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Thread: IMHA & Mast cell tumours

  1. #1

    Default IMHA & Mast cell tumours

    I have a dilemma and would like some advise, please!

    Our 8 y/o Staffy, Roxy was diagnosed 3 months ago with IMHA as well as having 4 Mast cell tumours.

    After weeks of being on high doses of drugs, her PCV is now at 40 and she was well enough to have the mast cell tumours removed last week.

    Our dilemma is the vets treating her want her to have chemotherapy, but our referring vet doesn't think it's a good idea as the tumours were all low grade and clean margins. We don't have all the pros and cons yet. We only want what's best for her.
    Last edited by Hyacinth; 08-09-2013 at 08:59 PM.

  2. #2
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    Hi Smokey

    Sorry your post didn't appear straight away. For some reason it got "moderated" which means a moderator has to approve it before the rest of us can see it.

    I put some spaces in to help with readability.

    I can't help you much with the advice.

    I don't know what IMHA is or PCV

    I know chemotherapy is pretty nasty. You probably want to get explained to you why you should do it by the vets who want to do it. I imagine it could be vaguely equivalent to having antibiotic ie it would help minimise the chance of any of the cancers coming back or lodging somewhere else in your dog.

    Mast Cell Tumours - Dog Cancer Treatment Australia

    It seems a fairly standard thing to do to help prevent the spread which seems like a good idea to me. Ie insurance against some of the cells that should have been removed - actually "escaping" and being able to spread. Surgery is a messy business and given how many of them there were...

    But you need to get each vet to explain to you exactly why they like their option over the other option.

    Sometimes it could be as simple as your dog's expected life span might be 5 years now, and doing nothing or something - wouldn't change that or your dog's quality of life - so why put your dog through chemotherapy (which generally makes people feel miserable and nauseous for months) if it won't make any difference to your dog's life expectancy or quality of life.

    I don't know if that's the answer. You need to ask the vets.

    You also need to ask each vet "If she was your dog (or your child's dog) what would you do?"

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    My mothers dog had a low grade soft tissue tumour. She was referred to a vet specialising in oncology. The tumour was removed and the margins seemed clean but it was in a difficult location so the oncologist recommended oral chemotherapy. The dog has been fine for the last 12 months but started to get urinary tract infections and just didnt seem her usual happy self. My mother decided to take her off chemo and her quality of life has increased. She is an older dog so it was an easy decision. We have no idea what the outcome will be at this point.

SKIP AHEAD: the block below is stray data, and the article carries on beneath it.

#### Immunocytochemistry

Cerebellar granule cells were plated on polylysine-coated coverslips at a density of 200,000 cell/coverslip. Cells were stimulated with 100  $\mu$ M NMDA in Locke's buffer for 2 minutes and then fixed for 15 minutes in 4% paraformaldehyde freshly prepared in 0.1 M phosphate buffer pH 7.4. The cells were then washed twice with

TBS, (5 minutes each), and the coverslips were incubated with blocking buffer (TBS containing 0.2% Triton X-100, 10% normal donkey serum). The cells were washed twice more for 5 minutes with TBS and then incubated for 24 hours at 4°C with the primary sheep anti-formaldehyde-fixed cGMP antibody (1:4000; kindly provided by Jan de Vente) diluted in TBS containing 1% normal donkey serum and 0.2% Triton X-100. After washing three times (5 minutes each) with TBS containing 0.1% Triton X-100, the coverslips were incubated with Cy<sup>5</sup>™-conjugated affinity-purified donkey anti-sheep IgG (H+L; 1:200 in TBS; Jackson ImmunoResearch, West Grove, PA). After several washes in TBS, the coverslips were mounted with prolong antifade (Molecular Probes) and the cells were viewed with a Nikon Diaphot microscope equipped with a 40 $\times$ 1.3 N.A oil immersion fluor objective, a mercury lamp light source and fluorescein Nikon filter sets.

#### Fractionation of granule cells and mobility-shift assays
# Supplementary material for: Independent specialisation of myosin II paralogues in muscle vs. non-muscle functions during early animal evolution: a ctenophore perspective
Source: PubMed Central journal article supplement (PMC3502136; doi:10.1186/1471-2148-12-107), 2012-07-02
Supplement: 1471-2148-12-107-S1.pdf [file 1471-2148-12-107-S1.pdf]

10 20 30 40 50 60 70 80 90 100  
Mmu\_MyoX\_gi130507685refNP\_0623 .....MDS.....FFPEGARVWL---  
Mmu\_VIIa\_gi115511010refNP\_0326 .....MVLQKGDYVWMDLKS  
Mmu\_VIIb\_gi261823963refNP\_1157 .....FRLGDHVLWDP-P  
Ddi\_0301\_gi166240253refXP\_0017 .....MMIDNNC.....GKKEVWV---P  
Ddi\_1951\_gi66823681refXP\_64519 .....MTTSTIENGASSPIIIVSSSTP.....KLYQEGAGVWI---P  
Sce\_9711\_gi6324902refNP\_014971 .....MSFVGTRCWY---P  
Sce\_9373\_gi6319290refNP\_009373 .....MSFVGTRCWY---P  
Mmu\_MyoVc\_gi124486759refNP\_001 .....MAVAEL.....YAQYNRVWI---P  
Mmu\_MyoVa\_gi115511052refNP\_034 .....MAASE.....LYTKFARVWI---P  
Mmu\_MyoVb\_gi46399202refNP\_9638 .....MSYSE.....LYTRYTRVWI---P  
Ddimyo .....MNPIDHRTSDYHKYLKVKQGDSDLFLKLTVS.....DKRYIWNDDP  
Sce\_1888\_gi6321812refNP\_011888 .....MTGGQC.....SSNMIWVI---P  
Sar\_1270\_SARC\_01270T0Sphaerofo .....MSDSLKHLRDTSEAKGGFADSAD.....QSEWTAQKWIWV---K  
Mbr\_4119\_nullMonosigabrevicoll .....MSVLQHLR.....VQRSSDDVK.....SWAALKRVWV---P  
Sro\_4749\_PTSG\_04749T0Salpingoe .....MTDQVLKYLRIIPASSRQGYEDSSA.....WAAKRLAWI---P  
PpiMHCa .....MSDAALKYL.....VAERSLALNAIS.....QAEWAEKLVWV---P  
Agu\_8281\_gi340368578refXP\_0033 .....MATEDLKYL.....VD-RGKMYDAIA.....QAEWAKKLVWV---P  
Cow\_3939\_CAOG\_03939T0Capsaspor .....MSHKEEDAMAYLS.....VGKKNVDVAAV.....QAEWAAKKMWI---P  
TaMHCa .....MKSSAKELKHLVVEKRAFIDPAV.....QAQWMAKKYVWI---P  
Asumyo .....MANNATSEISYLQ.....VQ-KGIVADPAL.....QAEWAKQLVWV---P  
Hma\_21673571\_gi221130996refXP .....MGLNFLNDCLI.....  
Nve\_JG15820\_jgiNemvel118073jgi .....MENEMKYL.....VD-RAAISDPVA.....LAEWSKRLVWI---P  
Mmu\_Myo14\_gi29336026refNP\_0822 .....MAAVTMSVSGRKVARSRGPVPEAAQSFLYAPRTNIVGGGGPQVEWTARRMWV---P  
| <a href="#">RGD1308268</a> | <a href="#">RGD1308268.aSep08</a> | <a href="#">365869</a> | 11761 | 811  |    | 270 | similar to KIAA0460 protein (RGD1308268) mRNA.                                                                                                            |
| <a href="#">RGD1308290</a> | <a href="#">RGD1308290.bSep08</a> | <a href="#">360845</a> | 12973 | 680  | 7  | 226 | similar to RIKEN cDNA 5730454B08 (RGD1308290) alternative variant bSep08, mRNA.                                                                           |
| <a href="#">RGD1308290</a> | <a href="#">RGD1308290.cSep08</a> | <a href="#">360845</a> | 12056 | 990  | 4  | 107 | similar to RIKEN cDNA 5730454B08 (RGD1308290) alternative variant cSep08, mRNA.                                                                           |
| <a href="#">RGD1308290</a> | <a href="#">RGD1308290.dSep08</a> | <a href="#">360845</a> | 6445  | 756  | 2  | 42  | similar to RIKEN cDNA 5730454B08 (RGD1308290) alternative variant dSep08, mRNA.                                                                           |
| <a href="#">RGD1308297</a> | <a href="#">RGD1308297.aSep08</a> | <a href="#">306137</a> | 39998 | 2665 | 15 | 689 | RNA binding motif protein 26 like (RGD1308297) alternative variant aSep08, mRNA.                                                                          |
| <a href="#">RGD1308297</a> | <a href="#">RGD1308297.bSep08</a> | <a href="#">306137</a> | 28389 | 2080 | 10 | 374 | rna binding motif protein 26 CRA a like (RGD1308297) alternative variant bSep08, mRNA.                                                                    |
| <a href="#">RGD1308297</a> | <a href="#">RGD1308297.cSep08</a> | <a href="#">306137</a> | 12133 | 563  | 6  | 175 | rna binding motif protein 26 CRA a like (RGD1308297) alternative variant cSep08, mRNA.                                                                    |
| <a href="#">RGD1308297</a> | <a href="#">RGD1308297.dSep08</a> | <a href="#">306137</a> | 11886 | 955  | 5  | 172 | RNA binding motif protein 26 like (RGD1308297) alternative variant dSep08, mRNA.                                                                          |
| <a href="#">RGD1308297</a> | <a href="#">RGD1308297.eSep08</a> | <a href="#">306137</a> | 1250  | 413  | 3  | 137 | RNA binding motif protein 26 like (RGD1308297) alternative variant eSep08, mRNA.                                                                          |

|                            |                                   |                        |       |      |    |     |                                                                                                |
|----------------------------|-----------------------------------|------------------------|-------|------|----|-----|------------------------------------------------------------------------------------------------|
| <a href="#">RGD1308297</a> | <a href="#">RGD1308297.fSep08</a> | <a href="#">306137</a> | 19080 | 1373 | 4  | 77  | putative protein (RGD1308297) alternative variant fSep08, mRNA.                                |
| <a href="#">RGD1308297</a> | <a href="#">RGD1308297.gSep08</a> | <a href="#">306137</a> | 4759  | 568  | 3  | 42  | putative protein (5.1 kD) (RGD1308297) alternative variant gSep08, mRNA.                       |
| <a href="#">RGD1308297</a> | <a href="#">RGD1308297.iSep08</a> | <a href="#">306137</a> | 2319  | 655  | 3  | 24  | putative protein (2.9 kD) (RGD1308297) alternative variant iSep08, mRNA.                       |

The oncologist said that surgery followed by chemo was potentially the most effective strategy because although the margins seemed clean there is no knowing if a couple of cells have escaped. However he ageed that the quality of life is important and these are decisions that are made by the owner.

    If it were me and I went through surgery and my dog was reasonably young I would personally taked the advice of the specialist vets and do the chemo, particularly if they have had a lot of experience. I would then see how my dog coped and take it from there. Cancer is like that unfortunately, it can have different outcomes which can be unpredictable in some cases. The oncologists can only guide you based on experience.
    Last edited by Kalacreek; 08-10-2013 at 03:09 PM.

  4. #4

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    Thanks for that. The other problem with Roxy is she has Immune Mediated Hemolytic Anemia, which is nearly under control, and introducing another drug could set her back and make her critically again, which is what our referring vet thinks is too risky to chance.

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    chemo - doesn't that destroy the immune system and anything a body needs to be immune to - at the same time. I would want to know what the cancer specialist vets thought, but I can't see how a drug that stuffs the immune system completely could be a problem for a dog that already has a dodgy immune system.

    I could be entirely wrong about that.